The National Portrait Gallery in London will cut ties with British Petroleum, ending the oil giant’s sponsorship of the gallery’s annual Portrait Award after more than 30 years. According to a statement from a BP spokesperson, their contract will not extend past December, when it is set to expire.
The oil firm’s sponsorship of the Portrait Award has been the subject of controversy for years, with frequent protests at the awards ceremony. In 2019, activists from Extinction Rebellion drenched themselves in fake oil in the gallery’s Ondaatje Wing main hall, where several artworks sponsored by BP are exhibited. That same year, dozens of British artists, including Sarah Lucas, Antony Gormley, and Anish Kapoor, signed a letter asking the gallery to end the partnership due to “BP’s role in furthering the climate crisis.” In 2020, BP withdrew from the award’s judging panel for the first time in 23 years.
The BP Portrait Award is on a two-year hiatus while the National Portrait Gallery’s St Martin’s Place location is closed for a major renovation.
BP executive Louise Kingham said in a statement, “We are immensely proud of our role in championing British arts and culture for over 30 years, but the BP of today is a very different company from when we first started our partnership with the National Portrait Gallery.” He pledged that the company would reduce its reliance on fossil fuels and become an “integrated energy company.”
The news follows impassioned campaigns for UK arts institutions to divest themselves of fossil fuel philanthropy. A few London venues have heeded the call: The Royal Shakespeare Company cut ties with BP in 2019, while the Tate ended its partnership in 2017.
Last weekend at the British Museum, climate activists from the group BP or Not BP posed as museum staff and presented satirical “Stonehenge drilling plans,” a reference to a Stonehenge blockbuster at the museum that has received funding from the oil company. The protest came after released emails revealed that British Museum director Hartwig Fischer was “pushing ahead with renewing the museum’s controversial sponsorship deal with the oil and gas giant BP despite huge opposition to the partnership,” BP or not BP said in a statement.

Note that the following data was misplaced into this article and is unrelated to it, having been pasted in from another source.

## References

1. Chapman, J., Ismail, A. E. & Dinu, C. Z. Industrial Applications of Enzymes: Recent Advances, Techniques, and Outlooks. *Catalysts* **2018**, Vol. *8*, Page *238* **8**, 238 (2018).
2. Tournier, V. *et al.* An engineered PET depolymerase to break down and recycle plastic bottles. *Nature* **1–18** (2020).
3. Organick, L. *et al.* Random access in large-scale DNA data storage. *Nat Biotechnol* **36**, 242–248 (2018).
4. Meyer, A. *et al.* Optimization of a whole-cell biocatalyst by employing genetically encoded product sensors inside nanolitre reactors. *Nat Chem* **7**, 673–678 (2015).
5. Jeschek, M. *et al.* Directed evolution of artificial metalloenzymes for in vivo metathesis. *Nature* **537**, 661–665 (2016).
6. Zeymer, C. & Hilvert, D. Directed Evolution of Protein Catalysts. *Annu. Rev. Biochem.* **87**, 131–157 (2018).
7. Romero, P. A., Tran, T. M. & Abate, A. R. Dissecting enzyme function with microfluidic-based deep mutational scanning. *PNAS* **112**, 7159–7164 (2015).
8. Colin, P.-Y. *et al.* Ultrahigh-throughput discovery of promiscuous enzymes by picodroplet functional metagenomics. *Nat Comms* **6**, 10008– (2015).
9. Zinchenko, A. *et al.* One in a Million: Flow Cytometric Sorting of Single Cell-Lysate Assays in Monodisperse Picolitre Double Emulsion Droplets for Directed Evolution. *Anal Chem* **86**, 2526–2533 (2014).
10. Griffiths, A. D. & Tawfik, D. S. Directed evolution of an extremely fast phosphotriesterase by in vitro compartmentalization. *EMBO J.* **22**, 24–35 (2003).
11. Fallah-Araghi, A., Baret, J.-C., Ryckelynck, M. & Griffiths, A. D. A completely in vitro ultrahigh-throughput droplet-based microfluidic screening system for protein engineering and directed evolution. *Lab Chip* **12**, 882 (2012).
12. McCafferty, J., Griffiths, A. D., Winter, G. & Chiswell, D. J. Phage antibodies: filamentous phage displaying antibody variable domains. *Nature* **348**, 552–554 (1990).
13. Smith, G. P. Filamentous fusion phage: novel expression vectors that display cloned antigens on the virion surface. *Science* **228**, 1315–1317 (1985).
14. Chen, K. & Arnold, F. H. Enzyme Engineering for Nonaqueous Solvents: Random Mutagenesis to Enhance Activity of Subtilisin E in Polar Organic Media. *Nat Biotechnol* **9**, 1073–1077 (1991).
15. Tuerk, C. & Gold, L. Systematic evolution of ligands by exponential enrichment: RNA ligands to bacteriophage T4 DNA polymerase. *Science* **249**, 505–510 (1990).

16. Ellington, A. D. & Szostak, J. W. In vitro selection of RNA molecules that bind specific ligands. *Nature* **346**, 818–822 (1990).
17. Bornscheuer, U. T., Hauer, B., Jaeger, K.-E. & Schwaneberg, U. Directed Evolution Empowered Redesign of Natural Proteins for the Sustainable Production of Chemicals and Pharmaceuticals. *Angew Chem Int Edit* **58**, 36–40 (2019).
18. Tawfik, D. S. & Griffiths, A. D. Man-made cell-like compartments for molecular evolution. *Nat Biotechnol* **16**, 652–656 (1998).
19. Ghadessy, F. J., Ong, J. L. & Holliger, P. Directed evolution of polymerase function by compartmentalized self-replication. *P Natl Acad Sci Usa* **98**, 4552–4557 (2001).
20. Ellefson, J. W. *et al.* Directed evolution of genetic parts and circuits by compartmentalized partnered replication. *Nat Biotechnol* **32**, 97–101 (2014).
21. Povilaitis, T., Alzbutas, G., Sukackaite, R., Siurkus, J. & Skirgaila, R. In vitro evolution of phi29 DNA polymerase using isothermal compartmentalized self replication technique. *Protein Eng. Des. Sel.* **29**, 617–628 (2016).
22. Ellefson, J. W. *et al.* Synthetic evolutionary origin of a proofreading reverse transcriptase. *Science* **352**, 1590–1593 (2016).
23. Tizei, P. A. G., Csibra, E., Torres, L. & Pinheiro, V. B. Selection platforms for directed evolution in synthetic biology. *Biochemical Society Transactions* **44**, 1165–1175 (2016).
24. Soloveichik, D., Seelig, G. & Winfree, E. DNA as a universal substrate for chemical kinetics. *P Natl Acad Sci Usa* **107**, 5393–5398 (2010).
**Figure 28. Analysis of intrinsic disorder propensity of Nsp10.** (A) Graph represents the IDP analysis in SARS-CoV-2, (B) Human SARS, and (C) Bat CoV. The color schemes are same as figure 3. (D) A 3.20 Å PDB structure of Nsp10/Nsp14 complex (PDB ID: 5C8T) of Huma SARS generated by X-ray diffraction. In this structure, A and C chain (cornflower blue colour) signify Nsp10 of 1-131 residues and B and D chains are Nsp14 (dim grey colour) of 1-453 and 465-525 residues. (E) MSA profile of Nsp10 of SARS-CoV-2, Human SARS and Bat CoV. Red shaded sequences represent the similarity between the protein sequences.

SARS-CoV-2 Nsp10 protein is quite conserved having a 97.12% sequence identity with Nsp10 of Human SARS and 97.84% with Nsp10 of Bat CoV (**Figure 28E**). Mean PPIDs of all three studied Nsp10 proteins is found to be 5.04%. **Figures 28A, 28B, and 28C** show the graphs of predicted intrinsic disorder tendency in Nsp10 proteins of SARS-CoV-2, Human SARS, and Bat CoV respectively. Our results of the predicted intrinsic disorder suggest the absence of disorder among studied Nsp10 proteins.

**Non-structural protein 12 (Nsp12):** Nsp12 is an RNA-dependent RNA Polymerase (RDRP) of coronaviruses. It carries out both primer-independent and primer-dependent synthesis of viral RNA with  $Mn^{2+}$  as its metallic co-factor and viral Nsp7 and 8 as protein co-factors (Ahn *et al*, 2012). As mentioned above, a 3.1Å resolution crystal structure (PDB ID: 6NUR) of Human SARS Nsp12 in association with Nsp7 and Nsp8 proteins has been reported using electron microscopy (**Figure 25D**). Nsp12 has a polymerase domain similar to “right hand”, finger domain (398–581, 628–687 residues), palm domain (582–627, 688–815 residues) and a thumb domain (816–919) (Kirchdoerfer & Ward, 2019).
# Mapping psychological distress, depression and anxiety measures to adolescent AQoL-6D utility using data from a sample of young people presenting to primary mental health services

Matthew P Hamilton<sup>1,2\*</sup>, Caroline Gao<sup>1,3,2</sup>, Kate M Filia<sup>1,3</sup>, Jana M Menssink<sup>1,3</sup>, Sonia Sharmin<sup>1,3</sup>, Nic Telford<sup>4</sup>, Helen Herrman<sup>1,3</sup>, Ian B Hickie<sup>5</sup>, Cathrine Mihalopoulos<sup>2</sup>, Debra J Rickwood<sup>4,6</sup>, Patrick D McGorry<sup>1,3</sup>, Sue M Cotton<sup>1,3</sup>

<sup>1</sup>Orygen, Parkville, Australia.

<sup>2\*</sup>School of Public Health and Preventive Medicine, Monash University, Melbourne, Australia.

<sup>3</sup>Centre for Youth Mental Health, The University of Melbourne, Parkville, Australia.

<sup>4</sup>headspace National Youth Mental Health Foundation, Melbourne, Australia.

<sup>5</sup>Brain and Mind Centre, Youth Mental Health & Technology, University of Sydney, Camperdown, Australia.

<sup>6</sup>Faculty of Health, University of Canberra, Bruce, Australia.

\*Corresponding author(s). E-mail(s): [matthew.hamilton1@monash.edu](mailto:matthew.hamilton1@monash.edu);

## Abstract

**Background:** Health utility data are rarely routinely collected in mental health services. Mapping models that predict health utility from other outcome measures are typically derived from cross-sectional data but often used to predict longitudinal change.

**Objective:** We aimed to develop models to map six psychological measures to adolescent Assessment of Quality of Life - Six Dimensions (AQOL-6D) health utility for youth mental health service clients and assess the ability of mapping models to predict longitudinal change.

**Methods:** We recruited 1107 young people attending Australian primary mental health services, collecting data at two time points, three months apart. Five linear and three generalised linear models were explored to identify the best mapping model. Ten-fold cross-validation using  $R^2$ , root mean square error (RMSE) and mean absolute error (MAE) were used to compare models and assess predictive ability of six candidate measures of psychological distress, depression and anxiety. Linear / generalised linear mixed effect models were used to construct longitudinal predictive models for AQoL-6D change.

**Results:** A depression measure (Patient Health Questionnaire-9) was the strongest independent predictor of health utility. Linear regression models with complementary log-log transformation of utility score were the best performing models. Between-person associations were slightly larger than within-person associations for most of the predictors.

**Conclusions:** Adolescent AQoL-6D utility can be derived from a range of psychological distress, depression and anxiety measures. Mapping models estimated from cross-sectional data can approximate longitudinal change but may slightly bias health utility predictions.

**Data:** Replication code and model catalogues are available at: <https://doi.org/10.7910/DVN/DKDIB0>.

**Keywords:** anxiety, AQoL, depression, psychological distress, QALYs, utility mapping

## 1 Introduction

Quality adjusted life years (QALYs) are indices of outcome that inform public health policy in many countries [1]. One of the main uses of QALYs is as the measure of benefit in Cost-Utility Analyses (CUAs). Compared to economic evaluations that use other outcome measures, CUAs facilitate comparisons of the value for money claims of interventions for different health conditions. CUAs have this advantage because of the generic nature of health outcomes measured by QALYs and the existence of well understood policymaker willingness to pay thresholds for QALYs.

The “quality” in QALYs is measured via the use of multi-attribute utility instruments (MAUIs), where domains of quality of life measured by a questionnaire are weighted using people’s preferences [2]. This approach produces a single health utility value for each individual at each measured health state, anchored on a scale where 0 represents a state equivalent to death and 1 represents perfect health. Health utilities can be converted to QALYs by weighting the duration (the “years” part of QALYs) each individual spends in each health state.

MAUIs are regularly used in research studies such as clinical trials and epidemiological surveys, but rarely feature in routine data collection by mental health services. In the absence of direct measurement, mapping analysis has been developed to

In the last decade, scrutiny over partnerships between art institutions and private companies have deepened worldwide. Facing pressure from artists and activists to sever ties to the Sackler family, the longtime owners of Purdue Pharmaceuticals who were charged with exacerbating the U.S. opioid epidemic, several major institutions, including the Louvre, Guggenheim Museum, and the Tate, announced that they would no longer accept money from the Sackler Trust.
Meanwhile, the Sackler name has been quietly stripped from public view: last January, the Serpentine Galleries became the latest institution to remove the disgraced family’s name from its building. The institution, which maintains two spaces in central London, wiped the family from its online exhibition archive and renamed its second location—formerly known as the Serpentine Sackler Gallery—the Serpentine North Gallery.